‘Bushwick Tales’ Exhibits Urbanism through Art and Artifact

The group show Bushwick Tales exemplifies a Bushwick urbanism while conjuring up whimsical tales.

Bushwick Tales was a gallery show curated by artist and writer Etty Yaniv, a contributor to this blog, featuring sculptures, paintings, drawings, photographs, collages and a performance the night of the opening, which was opened at 117 Grattan Street over the weekend of Bushwick Open Studios and closed October 16, 2016.

Yaniv explained that since the show took place during BOS weekend, she decided to go with a large group and diverse work. After several conversations with various artists she selected artworks from Fanny Allié, Nancy Baker, Dasha Bazanova, Noa Charuvi, Jaynie Gillman Crimmins, Ashley Garrett, Michal Gavish, Peter Gynd, Liz Jaff, Amy Mahnick, Anki King, Eliot Markell, James Prez, Evan Reehl Ryer, Bob Seng, Patricia Satterlee, Natalie Simon, Fedele SpadaforaTrish Tillman, Jeanne Tremmel, Brian Wood, Mary Ivy Martin and included one of her own. All these artists are staples in the Bushwick arts community in some way. She said she wanted to avoid a salon style exhibition and made an attempt to provide each artist a distinct presence, “opting for a mélange of sculptural work and wall work to engage the whole space.” 

Attending the invitational exhibition reminded me of morning walks through the neighborhood. One of my favorite paths takes me past the small manufacturing district along Waterbury Street then over to Newtown Creek. When the metal garage doors are open I get a glimpse into the mysterious going-ons of each business. When the doors are rolled down, it’s the remnants along the curbs, the stains on the concrete and the things stuck in the gutters that provide hints about what happens inside. For me, this show captured the industrial-urban essence that surrounds Bushwick, through forms, choice of palettes and overall aesthetics.

For instance, in The Carrier Series, the silhouettes created with black plastic bags, hand-sewn on fabric by Fanny Allié, looked like the familiar and unfamiliar figures carrying their burdens along Morgan Avenue. As you stared at these figures the feelings oscillated between lonely and heroic and then each became dark compositions that engaged one’s sense of structure. Even though pieces were static, a lenticular approach also projected the quality of breathing.

James Prez showcased several sculptures from a larger body of work called Booktures. The artifacts from these artfully composed objects could have easily been taken out of a waste bin from one of the nearby toy distribution centers. Some are fastened atop old books. All of them strike your imagination and random narratives begin to build – or memories of familiar toys, like horses and ducks, quickly flash by. Unlike the narratives implied by Prez’s work, Amy Mahnick manipulates industrial found objects, like tissue boxes and egg cartons, for their design affect. How they are situated in space is also important.     

Fanny Allié, Woman Wheel (TheCarriers), plastic bag hand-stitched onto fabric, 2014-15, 14" x 19"
Fanny Allié, Woman Wheel (TheCarriers), plastic bag hand-stitched onto fabric, 2014-15, 14″ x 19″

 

James Prez, Composites from Booktures, 2016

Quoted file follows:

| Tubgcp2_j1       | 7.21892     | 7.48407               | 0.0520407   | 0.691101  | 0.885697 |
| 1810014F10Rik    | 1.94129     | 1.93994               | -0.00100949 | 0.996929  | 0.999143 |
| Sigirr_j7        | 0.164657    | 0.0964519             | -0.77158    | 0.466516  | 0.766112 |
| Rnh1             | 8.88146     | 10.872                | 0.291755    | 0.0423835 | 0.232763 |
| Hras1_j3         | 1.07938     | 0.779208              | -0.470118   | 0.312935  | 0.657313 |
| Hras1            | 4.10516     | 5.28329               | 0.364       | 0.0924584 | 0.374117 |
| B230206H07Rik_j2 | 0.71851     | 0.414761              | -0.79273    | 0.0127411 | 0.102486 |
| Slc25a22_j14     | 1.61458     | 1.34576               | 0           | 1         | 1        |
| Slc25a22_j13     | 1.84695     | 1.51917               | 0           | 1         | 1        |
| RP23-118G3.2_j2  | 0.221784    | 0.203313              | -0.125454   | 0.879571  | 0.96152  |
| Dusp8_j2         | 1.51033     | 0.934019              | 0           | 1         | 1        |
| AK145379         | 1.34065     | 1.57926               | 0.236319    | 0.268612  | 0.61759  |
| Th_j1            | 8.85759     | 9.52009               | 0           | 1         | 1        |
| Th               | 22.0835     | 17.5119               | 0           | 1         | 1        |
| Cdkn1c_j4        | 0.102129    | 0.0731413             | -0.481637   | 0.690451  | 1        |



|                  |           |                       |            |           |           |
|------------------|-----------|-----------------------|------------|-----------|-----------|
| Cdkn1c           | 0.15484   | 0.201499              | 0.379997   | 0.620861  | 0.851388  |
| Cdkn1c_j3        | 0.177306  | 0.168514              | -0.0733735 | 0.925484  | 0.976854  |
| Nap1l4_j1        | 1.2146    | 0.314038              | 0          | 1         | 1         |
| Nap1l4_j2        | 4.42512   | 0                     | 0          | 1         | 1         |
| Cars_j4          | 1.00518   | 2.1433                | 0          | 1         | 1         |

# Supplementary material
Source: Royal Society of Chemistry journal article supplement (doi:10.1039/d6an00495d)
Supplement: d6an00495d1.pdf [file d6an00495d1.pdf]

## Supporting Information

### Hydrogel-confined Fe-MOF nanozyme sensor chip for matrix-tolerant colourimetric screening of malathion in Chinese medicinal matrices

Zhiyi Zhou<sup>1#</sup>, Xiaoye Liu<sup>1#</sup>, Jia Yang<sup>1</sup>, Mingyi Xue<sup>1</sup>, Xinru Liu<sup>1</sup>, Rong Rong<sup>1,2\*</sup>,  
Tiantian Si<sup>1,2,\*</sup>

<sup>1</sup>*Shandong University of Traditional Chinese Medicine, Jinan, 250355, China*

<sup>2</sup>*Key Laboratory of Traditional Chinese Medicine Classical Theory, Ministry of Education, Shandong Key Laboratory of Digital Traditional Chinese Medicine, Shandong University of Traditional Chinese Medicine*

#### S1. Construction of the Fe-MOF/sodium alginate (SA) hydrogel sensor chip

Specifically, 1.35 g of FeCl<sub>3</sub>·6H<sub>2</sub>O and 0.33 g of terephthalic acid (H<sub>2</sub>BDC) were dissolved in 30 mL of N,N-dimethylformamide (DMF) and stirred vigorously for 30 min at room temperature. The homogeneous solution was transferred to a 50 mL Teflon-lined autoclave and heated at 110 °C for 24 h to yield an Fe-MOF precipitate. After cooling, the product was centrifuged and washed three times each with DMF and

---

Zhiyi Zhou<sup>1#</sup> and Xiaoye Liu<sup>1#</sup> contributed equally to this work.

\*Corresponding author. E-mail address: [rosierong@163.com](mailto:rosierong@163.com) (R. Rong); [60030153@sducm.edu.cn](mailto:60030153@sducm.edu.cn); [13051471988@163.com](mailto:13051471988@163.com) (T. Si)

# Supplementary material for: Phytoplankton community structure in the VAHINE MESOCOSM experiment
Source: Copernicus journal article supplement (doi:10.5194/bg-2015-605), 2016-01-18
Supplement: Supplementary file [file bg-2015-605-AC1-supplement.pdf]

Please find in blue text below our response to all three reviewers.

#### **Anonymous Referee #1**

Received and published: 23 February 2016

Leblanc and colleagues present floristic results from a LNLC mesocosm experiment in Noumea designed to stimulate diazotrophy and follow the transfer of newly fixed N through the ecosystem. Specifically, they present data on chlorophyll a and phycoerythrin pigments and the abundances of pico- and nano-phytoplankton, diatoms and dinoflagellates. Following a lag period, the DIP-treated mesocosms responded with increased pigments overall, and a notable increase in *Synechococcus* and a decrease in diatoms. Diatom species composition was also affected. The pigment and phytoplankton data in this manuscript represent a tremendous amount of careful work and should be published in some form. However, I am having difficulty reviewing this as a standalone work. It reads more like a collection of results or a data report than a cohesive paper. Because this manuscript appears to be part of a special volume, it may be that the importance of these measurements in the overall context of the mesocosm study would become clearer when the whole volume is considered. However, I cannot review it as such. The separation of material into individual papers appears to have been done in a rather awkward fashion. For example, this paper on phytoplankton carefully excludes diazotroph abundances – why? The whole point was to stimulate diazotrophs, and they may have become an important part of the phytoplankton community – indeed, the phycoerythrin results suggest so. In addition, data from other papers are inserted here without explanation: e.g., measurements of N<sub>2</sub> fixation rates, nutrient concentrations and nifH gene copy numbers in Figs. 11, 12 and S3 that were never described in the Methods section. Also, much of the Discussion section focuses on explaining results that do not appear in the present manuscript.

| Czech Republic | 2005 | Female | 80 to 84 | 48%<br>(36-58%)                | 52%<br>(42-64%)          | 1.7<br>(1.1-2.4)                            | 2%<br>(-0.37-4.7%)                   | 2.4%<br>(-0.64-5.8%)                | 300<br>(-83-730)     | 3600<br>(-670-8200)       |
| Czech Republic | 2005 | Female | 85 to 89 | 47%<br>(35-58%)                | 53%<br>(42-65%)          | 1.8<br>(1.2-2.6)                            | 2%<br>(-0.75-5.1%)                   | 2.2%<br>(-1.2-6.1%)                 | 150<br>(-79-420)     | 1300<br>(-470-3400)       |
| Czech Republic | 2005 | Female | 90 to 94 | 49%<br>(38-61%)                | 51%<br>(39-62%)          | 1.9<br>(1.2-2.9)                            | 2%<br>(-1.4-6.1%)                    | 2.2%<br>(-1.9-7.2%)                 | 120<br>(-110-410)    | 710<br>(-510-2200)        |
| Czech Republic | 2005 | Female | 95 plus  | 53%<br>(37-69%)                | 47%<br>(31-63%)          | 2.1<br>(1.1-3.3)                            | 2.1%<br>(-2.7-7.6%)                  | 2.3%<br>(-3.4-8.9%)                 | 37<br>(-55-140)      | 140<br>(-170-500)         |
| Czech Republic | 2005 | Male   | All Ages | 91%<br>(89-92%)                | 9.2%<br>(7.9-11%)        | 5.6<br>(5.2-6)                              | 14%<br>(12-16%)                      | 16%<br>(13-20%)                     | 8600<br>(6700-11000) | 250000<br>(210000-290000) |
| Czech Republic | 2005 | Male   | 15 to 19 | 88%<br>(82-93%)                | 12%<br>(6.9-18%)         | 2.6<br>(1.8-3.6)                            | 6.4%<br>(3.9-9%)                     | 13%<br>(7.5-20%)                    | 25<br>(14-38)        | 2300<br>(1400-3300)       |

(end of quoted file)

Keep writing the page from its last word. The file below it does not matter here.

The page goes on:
James Prez, partial installation view
Amy Mahnick, Quatrefoil, carryout coffee tray, 2016, 7.5”x7.5”x2”
Amy Mahnick, Quatrefoil, carryout coffee tray, 2016, 7.5”x7.5”x2”

The little ceramic creature, Misunderstood, by Dasha Bazanova lives underneath the bridge at English Kills, between Morgan and Varick Avenues. It is kind and humble and it’s main job is to bless the tiny school of silver fish that swirl in the creek so that they eventually make their way to healthier waters. Go ahead, go out there one early morning and it might grace you with its presence. Not far from Misunderstood is Pompeii on Parade #1 skiing its way down Flushing Avenue in the winter. Elliot Markell creates imaginary characters from found objects. In this piece, the anthropomorphic shape is wonderfully executed with the use of concrete, rebar, paint, old gloves and found wood.

Michal Gavish goes weird science with Nano Portraiture, creating large petri dishes that capture the biological structures of the polluted creek or the composition  that can be found in the nearby oil refinery. That’s not really the case, but it is, when your imagination is walking through Bushwick.

The day of the opening, guests passed an old Christmas tree with two brown boots popping out of the end. At first glance it looked like a prank but then you realized there was a person embedded in the tree. Mary Ivy Martin stared straight up into the sky that night while people mistook her for trash. Her performance and subsequent documentation reflects on the blurred lines between people and nature in urban environments.

Yaniv explains, “She was lying motionless on the sidewalk outside the space in pouring rain, tucked in garbage bags and a Christmas tree. It was quite amazing to see how passersby were mostly ignoring her presence, at times even throwing garbage at her (accidentally I hope).”

16.Michal Gavish, Nano portrait 2 (Protein); acrylic on fabric and paper; 2015,12" diameter (20X20 framed)
Michal Gavish, Nano portrait 2 (Protein); acrylic on fabric and paper; 2015,12″ diameter (20X20 framed)
Noa Charuvi, Rocks and Drums, oil on canvas, 2016, 14”x18”
Noa Charuvi, Rocks and Drums, oil on canvas, 2016, 14”x18”